It seems that I’ve come down with a case of I-want-buy-itis lately. Even though our economy has been hampered by the lack of consumer demand, this consumer isn’t quite ready to loosen her purse strings yet. Unfortunately, it appears that retailers are doing a very good job of turning out products that I want. So here are some things I’ve thought of to talk myself out of shopping, and instead put the money towards saving.
Here are a few ways what I’ve come up with… what are your methods to talk yourself out of shopping?
- The Hours Worked Required Formula: How many hours of after-tax income would it take you to make the money needed to purchase XYZ? If you make $40 per hour, then your take-home pay is probably around $30 per hour. A $3,000 couch will cost you 100 hours (or ~12 8-hour days) to pay off.
- The Wait-Period: Self-impose a 24-hour wait before you purchase anything over $100. More stringent followers of this method might impose an additional 24-hour wait for every $100. If a purchase costs $200, then you would wait a full 48 hours before you buy it. A $300 purchase would require 72 hours of wait time.
- The Compounding Interest Calculation: Figure out the return you can get from the money that you don’t spend and invest instead. This works best for large-ticket items (think over $10,000), because I don’t find any motivational value from knowing that the $10 I spend on dinner tonight could grow into $43 in 30 years.
- The Look in Your Heart and Ask Do I REALLY Need It: This only works when you are clear-headed and honest with yourself, not when you are so head over heels for that new coupe or iPad or sheath dress from Theory.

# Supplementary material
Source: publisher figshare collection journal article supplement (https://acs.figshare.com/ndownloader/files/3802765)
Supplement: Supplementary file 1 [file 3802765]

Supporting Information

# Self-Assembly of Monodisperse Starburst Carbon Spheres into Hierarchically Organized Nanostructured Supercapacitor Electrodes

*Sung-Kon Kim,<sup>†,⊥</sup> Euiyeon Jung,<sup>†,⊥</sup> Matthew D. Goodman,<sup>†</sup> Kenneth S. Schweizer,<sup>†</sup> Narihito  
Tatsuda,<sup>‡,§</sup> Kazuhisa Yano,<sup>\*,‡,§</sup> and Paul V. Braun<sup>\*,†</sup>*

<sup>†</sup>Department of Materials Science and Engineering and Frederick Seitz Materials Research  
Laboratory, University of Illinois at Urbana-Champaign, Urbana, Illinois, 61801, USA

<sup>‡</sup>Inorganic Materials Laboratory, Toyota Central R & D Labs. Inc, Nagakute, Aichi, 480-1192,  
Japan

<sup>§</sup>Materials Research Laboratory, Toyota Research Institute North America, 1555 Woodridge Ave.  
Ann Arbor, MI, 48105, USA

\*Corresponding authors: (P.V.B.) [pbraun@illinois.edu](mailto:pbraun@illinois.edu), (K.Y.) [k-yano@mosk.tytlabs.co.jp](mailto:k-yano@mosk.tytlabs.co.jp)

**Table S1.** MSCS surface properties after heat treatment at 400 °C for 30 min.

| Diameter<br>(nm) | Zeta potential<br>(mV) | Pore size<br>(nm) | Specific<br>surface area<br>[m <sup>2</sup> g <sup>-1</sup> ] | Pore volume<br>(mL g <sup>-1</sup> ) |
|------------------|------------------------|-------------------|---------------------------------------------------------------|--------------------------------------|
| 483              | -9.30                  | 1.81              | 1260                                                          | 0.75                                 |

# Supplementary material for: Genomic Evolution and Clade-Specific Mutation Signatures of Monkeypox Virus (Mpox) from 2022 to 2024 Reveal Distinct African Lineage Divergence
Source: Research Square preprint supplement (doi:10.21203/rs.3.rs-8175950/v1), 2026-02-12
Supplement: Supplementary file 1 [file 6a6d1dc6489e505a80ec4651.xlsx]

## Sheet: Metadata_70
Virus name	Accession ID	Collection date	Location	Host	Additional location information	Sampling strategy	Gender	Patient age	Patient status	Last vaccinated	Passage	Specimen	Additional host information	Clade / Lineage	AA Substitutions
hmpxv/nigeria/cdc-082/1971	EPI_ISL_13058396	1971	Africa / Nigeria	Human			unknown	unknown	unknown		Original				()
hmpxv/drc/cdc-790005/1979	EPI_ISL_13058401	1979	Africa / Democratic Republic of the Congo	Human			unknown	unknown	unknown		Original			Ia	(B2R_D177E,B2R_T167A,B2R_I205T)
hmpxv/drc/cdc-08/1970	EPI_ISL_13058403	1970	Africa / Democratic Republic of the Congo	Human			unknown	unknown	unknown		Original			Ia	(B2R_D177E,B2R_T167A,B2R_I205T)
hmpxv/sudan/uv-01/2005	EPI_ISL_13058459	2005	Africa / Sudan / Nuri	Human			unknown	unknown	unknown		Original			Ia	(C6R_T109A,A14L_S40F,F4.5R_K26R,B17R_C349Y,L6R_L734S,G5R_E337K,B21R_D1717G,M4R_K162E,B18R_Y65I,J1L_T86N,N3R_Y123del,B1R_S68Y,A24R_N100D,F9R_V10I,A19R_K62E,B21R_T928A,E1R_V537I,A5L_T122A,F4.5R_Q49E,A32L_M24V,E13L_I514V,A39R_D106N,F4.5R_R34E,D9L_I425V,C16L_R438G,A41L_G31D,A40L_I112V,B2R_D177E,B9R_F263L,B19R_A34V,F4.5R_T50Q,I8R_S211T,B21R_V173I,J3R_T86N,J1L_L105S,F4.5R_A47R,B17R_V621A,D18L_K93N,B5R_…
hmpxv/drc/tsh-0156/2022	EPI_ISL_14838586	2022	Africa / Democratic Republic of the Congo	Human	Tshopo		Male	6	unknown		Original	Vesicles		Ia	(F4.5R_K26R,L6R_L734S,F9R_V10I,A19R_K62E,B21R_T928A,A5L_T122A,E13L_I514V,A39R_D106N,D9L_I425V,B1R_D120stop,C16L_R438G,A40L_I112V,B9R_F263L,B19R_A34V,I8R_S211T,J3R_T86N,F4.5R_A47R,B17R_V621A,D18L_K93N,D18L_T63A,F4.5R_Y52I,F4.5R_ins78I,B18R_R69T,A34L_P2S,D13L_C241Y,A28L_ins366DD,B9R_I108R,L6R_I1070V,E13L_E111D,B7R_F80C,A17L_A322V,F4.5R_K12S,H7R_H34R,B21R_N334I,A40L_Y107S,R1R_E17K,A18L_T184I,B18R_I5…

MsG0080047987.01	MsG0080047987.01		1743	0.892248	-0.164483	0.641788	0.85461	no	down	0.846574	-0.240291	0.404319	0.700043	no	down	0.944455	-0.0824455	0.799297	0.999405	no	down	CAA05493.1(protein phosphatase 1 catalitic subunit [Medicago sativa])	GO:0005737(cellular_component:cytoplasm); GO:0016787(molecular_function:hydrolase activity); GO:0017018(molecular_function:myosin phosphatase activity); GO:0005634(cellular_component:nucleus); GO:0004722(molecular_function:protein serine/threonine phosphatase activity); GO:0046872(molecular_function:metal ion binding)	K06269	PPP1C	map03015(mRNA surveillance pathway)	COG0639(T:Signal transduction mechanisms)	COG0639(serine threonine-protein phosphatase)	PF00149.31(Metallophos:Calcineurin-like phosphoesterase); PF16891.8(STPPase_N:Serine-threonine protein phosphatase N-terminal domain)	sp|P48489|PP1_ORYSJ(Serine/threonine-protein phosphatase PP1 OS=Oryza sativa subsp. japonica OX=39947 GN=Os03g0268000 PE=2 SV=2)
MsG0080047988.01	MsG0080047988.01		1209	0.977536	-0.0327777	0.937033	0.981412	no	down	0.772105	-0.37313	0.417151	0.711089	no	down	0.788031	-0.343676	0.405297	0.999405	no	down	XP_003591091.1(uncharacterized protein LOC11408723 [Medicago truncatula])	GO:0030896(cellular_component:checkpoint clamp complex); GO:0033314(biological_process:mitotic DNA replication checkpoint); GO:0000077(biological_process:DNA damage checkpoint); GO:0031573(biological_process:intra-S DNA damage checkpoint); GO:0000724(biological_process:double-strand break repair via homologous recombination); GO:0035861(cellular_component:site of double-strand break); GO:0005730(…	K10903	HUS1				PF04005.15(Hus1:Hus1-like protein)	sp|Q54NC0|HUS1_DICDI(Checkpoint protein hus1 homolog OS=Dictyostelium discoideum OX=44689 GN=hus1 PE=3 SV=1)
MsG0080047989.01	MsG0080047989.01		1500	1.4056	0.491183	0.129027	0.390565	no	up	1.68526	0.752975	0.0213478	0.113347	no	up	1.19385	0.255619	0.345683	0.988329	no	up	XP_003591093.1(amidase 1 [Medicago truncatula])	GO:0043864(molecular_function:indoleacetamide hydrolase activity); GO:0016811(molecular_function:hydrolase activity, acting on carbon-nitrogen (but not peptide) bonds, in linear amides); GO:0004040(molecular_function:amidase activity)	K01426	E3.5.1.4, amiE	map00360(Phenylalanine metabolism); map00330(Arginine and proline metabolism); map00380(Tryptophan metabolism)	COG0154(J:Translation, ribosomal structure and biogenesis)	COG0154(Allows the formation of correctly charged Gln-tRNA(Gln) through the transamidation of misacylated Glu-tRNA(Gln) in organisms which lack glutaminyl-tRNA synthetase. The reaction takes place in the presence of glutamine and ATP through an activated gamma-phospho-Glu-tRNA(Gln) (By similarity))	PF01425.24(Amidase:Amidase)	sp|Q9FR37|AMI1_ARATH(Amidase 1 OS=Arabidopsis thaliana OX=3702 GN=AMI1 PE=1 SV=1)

- The Do I Have Something Similar Comparison: This works well for electronic gadgets and clothes / shoes. If you have an iPhone, a netbook, a Kindle, and a laptop, then maybe you don’t need an iPad right this moment. Just maybe. Or, if you have three black pencil skirts, then it’s probably not a necessity to get a fourth black pencil skirt. Even if it’s got a different waist band than the other three.
- The Regret Factor: Will you regret this purchase in the morning? If you will feel worse about spending $$$ on an impulse buy in the morning than you do now, don’t buy it. Or at the very least, keep the receipt so you can return it.
- The Big Goal Factor: Can the money be better spent on one of your financial goals such as retirement, mortgage, college, etc? Maybe thinking of your 401K contributions might just be what stops you from swiping your credit card for the lovely, chocolate-brown pebbled leather bowler bag on Gilt (not that I am speaking from experience here. Not at all).